In the last article, I mentioned that there appears to be a route toward a cost-effective (upgradable), reduced cost (faster), and safer means of pulling 450mm silicon crystals (also referred to as ingots or boules). This technology may be a potential game changer for the industry.
First some background on the key issues and roadblocks toward developing a steady supply of 450mm prime, test wafers. The overall industry standard batch 300mm silicon boule pulling process leads us to look at 450mm and why things haven’t been as reasonably scalable as previous wafer size changes. Experts, bear with my pedantic discourse, you’ll see the clear logic in this if you make it through to the end. For a full description, please refer to a textbook such as Handbook of Crystal Growth.
Assuming a supply of electronics-grade polysilicon is already available, in both large and small chunks, as well as granular form, the first major step in the process is to fill a large crucible with polysilicon for later melting in a furnace. The manual loading process is more an art than science, as Figure 1 demonstrates. A number of patents have been issued on the loading process, each describing a more efficient means of packing.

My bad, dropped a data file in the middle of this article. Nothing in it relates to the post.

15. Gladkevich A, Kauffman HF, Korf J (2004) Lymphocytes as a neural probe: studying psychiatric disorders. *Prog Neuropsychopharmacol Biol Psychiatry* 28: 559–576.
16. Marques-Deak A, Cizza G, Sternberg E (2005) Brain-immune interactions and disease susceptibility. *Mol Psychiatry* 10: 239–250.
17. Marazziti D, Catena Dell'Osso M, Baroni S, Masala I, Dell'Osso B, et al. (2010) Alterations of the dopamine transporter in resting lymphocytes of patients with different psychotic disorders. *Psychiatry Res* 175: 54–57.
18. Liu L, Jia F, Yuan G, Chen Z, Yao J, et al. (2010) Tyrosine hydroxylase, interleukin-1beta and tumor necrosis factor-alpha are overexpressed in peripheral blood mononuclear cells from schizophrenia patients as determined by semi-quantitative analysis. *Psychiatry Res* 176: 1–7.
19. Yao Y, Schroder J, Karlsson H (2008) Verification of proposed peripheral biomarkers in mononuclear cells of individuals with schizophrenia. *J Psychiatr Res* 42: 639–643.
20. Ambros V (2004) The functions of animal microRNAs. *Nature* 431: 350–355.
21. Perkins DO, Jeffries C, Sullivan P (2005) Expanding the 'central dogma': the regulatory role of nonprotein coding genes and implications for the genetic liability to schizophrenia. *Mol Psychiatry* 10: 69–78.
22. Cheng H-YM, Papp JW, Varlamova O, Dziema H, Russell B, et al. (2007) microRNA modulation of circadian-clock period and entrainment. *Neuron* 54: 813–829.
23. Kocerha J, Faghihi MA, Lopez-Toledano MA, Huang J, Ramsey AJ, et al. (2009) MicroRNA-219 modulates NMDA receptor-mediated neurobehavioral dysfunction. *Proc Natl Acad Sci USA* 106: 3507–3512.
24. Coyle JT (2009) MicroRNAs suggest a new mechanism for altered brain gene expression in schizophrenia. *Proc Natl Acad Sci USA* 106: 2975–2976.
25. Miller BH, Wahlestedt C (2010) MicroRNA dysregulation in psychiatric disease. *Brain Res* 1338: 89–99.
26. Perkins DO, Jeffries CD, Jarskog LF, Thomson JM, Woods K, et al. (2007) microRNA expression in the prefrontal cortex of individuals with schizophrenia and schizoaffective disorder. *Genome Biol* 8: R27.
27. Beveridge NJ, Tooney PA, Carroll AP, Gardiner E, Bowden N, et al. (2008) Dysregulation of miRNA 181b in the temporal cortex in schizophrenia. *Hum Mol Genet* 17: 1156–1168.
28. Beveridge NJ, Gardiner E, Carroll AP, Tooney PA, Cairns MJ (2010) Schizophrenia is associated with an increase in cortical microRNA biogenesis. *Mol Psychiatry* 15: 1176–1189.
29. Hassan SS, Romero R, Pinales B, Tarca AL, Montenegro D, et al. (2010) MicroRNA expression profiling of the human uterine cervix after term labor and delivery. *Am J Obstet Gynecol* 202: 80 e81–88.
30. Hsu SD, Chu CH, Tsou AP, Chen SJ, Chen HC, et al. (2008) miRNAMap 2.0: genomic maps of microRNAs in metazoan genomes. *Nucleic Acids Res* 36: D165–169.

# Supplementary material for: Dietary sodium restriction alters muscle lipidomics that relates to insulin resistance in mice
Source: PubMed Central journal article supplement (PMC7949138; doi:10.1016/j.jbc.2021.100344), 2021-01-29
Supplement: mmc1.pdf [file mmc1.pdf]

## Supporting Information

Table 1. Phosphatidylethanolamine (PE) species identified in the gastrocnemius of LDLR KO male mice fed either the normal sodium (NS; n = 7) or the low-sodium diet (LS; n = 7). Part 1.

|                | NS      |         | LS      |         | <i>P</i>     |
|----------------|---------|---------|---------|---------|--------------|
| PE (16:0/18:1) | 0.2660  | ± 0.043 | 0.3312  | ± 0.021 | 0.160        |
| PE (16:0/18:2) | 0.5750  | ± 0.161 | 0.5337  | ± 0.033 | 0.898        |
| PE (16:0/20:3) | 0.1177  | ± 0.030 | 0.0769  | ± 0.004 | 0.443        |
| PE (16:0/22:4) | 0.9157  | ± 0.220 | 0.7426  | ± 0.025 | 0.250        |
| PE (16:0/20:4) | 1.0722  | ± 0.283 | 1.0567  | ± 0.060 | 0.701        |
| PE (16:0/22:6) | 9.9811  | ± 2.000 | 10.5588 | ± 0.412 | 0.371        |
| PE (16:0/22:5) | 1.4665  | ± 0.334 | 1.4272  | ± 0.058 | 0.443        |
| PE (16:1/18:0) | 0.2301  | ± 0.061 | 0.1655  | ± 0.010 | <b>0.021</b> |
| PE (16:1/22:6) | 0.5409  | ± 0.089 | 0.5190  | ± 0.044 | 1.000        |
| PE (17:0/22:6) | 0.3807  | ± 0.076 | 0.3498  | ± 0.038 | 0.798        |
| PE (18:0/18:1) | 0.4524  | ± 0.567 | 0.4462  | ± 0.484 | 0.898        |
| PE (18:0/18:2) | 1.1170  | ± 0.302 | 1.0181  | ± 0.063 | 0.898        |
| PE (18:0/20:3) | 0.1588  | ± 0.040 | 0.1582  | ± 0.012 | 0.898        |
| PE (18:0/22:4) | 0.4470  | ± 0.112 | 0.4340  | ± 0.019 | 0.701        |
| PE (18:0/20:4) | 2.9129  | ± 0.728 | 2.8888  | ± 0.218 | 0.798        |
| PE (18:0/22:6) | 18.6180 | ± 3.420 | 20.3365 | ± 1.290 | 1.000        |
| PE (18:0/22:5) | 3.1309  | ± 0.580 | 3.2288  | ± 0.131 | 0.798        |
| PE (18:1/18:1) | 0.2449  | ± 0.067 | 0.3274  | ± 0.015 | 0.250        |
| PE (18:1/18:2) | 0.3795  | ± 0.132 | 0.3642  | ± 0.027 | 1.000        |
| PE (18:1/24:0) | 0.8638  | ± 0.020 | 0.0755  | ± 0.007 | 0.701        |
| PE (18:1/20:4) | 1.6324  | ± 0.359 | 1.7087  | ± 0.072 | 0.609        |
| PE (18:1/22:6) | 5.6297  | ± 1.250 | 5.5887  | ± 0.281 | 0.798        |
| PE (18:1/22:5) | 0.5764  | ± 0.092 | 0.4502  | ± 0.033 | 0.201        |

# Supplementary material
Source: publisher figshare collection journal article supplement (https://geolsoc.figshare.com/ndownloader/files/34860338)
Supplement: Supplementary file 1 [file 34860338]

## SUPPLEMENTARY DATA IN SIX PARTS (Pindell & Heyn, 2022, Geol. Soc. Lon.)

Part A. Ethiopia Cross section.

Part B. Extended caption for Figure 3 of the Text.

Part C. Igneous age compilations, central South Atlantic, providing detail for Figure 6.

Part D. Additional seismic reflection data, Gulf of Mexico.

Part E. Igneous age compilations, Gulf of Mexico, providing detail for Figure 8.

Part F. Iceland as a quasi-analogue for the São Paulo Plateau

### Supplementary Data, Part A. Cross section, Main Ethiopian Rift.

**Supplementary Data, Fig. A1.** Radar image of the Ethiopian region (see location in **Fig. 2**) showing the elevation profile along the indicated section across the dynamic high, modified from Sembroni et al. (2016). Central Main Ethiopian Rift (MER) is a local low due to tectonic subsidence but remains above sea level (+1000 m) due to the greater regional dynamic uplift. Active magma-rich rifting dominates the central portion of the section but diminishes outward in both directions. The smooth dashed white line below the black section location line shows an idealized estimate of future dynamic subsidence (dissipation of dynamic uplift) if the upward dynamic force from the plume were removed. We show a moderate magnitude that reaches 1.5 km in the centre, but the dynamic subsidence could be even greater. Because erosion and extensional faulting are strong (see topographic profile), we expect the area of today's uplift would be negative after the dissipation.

Proper loading ensures only minimal voids and helps safeguard that as the polysilicon melts, pieces don’t get stuck on the side of the crucible. Pieces that “stick” up high and later fall into the molten silicon can splash, which is quite dangerous. It is also important to position the silicon pieces in such a way that they do not entrap hydrogen, which is outgassed as the melting proceeds. Side-scrape of the crucible as the chunks melt and fall must also be prevented. Since melting of silicon occurs at over 1410 degrees Celsius (with the crucible, necessarily hotter than this), any scraping at this temperature not only shortens the life of the quartz crucible, but sloughs off impurities into the molten silicon, contaminating the final product to some level.
With even with the very best polysilicon loading techniques, there’s only an 80-90% packing efficiency, and voids (air pockets) exist, so the molten silicon level is less than the initial polysilicon load level. An important characteristic to remember is that with a batch process, you can only use what is loaded into the crucible prior to melting. This initial load is also known as the “charge” of silicon. Additionally, the crystal pulling process cannot begin until the entire crucible of silicon has been melted. This can take 10 to 12 hours or more for a 300mm charge of 450kg of silicon.
Back in the late 1990’s, a consortium in Japan was exploring a transition from 200mm to 400mm wafers (rather than to 300mm wafers). This group, the Super Silicon Crystal Research Institute or SSi, performed ground-laying work that has helped set the stage for later exploration in 450mm. They were successful in pulling 400mm crystals of up to 1.1 meter in length. One of their limitations was the size of crucible. Their experiments were completed with 36 inch (~90cm) and 40 inch (102cm) crucibles. Any larger crucible was deemed too great a safety risk. Fortunately, their results were well published. A number of challenges were overcome while some remain, proving to be significant for 450mm crystals.